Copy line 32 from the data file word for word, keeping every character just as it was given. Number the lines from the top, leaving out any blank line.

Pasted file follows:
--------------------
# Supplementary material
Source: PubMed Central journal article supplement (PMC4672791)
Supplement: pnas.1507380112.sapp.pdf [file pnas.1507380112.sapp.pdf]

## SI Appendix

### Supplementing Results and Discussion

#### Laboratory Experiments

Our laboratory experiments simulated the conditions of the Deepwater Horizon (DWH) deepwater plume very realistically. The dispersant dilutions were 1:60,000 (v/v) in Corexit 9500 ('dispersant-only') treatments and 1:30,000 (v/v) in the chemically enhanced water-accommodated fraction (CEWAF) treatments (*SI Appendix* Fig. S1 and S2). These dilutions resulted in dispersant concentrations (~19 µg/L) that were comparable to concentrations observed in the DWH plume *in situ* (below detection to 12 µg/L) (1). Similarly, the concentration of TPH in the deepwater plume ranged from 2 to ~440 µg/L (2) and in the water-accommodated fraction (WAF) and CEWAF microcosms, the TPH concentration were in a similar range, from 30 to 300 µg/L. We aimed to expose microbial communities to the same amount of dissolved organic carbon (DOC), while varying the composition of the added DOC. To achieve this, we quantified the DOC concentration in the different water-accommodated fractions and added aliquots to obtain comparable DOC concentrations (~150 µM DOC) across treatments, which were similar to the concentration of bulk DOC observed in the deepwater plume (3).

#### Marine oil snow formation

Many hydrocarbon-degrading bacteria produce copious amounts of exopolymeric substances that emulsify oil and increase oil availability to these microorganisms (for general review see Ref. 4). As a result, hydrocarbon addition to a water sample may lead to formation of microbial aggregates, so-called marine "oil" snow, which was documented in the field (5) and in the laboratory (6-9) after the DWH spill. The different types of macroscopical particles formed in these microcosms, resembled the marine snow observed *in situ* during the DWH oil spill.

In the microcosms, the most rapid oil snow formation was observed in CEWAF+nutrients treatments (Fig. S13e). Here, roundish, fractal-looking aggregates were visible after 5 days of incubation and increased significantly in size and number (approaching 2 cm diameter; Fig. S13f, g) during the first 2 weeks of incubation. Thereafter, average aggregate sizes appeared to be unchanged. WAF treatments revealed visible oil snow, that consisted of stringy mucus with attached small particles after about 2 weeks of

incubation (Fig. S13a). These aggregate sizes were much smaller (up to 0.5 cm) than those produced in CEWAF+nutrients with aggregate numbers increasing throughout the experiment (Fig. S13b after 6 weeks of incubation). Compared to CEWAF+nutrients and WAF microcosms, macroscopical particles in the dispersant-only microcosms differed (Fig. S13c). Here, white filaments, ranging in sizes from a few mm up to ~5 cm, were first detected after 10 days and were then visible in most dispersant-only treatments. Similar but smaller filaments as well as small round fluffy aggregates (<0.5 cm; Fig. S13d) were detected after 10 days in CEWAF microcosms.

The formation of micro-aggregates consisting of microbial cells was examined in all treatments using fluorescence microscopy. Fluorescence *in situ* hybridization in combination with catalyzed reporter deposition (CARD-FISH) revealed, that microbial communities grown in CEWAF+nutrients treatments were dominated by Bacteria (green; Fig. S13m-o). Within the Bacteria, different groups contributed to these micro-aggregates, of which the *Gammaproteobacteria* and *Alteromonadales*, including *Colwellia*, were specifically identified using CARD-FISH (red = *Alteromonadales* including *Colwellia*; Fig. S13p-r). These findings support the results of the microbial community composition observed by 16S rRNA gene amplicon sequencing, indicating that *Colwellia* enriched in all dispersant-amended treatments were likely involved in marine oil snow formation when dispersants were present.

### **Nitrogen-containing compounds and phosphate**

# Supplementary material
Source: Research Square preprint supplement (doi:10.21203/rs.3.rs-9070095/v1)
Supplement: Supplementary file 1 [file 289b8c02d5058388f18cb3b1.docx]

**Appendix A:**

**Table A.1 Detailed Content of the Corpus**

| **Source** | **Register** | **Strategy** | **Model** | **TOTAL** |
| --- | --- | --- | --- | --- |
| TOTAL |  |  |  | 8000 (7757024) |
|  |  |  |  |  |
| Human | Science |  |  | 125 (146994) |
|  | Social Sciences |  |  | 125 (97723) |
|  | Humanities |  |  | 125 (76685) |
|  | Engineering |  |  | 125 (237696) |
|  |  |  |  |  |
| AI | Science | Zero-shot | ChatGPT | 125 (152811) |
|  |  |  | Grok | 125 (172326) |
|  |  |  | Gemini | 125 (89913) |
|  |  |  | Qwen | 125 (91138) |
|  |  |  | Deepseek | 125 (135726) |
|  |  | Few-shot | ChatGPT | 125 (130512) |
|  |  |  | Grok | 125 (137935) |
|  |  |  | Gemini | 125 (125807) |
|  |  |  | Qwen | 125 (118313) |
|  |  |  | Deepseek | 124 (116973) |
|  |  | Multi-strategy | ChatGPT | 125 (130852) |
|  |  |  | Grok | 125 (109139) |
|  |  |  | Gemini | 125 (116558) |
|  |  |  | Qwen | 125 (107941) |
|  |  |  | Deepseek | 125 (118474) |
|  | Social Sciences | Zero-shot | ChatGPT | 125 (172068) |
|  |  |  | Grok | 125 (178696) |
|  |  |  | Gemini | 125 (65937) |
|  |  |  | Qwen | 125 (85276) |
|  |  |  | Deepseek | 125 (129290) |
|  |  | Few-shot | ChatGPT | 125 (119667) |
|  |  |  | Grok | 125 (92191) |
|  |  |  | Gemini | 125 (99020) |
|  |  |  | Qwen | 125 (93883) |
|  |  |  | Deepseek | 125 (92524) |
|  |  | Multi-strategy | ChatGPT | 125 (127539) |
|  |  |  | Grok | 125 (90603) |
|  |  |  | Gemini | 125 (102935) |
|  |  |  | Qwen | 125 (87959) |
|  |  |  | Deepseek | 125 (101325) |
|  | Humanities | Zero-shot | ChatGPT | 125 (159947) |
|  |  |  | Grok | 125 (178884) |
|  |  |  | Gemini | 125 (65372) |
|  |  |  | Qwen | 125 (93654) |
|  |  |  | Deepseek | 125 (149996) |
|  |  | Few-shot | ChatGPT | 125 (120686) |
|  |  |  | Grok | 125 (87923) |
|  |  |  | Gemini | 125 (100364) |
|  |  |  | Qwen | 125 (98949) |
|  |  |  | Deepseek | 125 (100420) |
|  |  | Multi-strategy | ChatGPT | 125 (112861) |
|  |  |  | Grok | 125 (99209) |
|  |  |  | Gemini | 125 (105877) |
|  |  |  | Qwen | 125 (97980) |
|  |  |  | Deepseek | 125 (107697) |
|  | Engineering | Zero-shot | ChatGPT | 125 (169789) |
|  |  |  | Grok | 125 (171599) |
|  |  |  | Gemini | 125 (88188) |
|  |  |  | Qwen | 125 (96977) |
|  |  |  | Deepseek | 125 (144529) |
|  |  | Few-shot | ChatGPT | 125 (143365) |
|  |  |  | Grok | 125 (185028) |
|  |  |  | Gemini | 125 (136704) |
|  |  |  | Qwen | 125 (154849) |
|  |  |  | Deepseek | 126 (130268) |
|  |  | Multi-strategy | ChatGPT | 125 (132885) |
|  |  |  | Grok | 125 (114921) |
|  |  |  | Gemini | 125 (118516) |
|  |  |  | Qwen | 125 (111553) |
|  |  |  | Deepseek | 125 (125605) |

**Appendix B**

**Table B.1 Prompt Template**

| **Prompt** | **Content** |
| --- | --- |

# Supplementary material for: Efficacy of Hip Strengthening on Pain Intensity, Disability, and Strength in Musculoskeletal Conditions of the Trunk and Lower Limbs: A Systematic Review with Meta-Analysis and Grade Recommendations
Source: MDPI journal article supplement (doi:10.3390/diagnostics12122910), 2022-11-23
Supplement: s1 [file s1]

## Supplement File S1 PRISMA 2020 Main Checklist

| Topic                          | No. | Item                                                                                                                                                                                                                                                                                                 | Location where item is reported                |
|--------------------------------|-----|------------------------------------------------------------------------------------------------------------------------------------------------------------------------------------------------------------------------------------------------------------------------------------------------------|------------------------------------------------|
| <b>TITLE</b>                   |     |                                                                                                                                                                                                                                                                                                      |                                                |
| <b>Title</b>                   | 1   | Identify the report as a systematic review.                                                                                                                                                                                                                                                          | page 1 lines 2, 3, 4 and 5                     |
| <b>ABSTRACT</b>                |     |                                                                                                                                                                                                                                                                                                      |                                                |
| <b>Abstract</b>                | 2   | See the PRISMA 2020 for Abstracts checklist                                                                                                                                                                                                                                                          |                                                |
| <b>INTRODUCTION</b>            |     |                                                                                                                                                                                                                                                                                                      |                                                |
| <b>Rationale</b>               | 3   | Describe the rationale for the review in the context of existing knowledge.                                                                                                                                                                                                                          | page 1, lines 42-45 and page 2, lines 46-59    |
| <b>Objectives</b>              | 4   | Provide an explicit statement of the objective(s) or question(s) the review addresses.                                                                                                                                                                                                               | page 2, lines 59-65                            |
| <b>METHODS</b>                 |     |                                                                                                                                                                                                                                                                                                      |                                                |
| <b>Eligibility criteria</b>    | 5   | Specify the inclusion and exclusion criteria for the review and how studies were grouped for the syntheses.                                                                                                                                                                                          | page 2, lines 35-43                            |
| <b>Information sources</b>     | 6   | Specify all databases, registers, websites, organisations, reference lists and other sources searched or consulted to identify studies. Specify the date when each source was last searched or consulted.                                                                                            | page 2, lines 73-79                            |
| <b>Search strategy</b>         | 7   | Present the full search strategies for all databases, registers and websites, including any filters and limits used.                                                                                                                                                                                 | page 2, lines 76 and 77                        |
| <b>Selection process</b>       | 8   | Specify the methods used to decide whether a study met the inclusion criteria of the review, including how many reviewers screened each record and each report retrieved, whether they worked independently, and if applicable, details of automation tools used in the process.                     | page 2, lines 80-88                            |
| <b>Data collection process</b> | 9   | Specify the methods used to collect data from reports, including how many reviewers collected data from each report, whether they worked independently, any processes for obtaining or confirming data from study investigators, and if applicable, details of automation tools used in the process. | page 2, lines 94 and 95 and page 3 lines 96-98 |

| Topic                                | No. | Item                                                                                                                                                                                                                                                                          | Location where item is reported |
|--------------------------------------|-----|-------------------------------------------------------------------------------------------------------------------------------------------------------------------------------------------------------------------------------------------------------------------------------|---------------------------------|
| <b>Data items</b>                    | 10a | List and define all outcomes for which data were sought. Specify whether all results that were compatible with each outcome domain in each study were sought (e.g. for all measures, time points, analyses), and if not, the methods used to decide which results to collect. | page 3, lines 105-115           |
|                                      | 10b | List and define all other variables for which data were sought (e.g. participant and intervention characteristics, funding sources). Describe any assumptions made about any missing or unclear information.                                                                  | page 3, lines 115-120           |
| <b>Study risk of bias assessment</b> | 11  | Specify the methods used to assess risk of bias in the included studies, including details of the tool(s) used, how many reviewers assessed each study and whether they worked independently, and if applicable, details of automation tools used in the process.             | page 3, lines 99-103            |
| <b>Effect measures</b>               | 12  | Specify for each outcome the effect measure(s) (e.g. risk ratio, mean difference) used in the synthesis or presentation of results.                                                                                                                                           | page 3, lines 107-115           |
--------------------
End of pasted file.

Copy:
|  |  |  | Deepseek | 125 (135726) |